Blog

Latest Blog Posts

Get rid of your HR team

Outsource your HR needs instead!

Convincing a small to medium business (SME) to spend money is never easy!  More often than not they will look for every way possible to do it on their own until they can no longer physically get it done.  Ironically tho, SME often reap the greatest value from outsourcing expertise that is not core to their business.

Whilst I have a good handle on numbers and my P&L, the first thing I did when I started my business was bring an accountant onto my team to manage the BAS, IAS and other financial compliance and planning.  An accountant is often an easy outsourced solution for an SME, however very few look wider to outsource matters affecting the largest single cost to their business – personnel.

Savvy SME’s have looked to external expertise such as business consultants, outsourced HR or even advisory boards to provide the edge and cover any blind spots.

At the other end of the spectrum mid size businesses can get rid of their internal HR team altogether and outsourced HR.  This solution not only has significant cost savings, but also puts the accountability to add value squarely at the outsourced provider and line managers, removing the “crutch” HR can sometimes become (For a recent article on an accounting firm getting rid of their HR team click here).

Businesses that don’t have either an HR role or a current HR solution tend to find that someone else has HR as their ‘part time job’.  Is that you?  Do you manage your people on the run?  Are you sure you are meeting all your HR compliance requirements?

Looking to outsource your HR needs is a big step. The most common benefits to outsourcing HR that also support the bottom line are:

  1. Risk management – Employment laws change regularly, and it can be difficult to remain up-to-date on regulations that affect the workplace – let us keep you updated with changes that affect you and protect you from a lack of compliance.
  2. Cost savings – Outsourcing helps reduce the cost of maintaining a fully functional HR team including the office space and training costs. In addition, managing people incorrectly can be costly, and can lead to expensive legal and WorkCover issues – our advice can save you thousands alone in avoiding these costs!
  3. Efficiency – Businesses without an HR function often find it is someone else’s part time job – by outsourcing your HR to the experts it allows you to spend less time on paperwork and HR administration and more time in the business or focusing on what you are good at!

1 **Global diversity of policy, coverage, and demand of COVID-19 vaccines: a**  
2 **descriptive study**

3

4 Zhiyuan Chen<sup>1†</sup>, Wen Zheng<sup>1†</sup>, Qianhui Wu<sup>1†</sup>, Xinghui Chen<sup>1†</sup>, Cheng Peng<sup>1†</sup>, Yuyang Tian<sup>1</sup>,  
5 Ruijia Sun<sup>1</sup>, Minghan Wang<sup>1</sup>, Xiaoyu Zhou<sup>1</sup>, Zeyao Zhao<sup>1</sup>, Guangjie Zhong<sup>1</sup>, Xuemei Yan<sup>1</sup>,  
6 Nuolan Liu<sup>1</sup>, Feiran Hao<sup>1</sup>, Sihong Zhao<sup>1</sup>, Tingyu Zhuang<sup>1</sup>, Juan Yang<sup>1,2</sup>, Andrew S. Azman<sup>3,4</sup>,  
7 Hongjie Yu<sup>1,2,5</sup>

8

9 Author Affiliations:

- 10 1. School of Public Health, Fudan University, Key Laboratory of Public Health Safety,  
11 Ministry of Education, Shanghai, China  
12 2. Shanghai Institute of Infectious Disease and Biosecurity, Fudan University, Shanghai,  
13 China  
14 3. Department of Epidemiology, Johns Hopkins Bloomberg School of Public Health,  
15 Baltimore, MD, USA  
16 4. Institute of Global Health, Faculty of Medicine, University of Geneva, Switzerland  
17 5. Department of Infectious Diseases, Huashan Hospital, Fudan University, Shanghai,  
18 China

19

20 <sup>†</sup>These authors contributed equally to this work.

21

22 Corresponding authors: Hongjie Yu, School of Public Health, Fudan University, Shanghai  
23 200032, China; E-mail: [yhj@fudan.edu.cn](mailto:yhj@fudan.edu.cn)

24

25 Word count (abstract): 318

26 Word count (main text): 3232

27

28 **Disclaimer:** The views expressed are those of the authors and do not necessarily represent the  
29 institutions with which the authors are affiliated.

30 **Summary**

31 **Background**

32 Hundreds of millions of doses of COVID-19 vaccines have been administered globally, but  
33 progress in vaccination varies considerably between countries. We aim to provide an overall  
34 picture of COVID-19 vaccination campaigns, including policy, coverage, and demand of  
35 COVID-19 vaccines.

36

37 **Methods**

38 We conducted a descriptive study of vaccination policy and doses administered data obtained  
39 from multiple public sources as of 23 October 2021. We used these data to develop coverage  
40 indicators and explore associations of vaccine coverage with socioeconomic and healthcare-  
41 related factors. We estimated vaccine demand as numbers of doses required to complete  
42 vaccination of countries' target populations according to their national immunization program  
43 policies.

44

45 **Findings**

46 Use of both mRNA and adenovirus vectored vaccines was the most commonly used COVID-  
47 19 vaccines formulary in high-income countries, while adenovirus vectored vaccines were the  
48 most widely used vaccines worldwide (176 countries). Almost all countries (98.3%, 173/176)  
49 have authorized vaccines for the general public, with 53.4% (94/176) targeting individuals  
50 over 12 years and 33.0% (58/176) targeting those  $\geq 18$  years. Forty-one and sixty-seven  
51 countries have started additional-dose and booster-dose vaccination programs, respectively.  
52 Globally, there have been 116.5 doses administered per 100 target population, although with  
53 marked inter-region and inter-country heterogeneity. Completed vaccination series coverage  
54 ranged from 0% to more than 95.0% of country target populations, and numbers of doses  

4. Talent management – Outsourcing HR functions helps businesses better manage employee performance and development. Advising on employee performance and maximising a performance management framework helps grow and retain talent and exit safely underperforming people.
  5. External expertise – Having a different perspective or an expert to call and discuss your people matters is invaluable, especially when problems arise.  We all have blind spots, having an HR expert on your team may challenge you, and that’s a good thing!

Want to know more? Contact us to arrange a free HR audit to assess your current HR practices and the solutions required to improve business performance.

You don’t build a house without a blueprint…

So why build an organisation without one!

Last week I talked to the problems businesses can experience when their org chart isn’t based on solid organisational design. This week I promised to explain a little bit more about my four step process to build a sensible and solid organisational structure.

Step 1 – Strategy
Sounds easy right? Maybe not! It’s often tempting to jump a few steps, to build a structure around pivotal people, but organisations that have transitioned from good to great (Netflix is a great recent example) have a consistent approach of building the strategy first, and being willing to exit great people (and they do it well with a great thank-you redundancy payment) if the business is moving in a different direction.

Ask yourself the following – where is the business going in the next 12 months? Three years? Where are you competing? Where are you reducing or changing your focus? What does this mean for your customers? Products? Culture? People?

Other considerations should include your operating model/business model. One way I like to think of an operating model is if you had a set of plans for a building a house you have different blueprints for different functions (e.g. the electrician has a specific one, the builders have another, the landscape gardener has another again etc.) but you always have an overall summary plan that brings all these together – in a business you have a blueprint for an organisational structure (step 2) but you will also have technology page, a location/site page, a customer segmentation page, etc.

Step 2 – Structure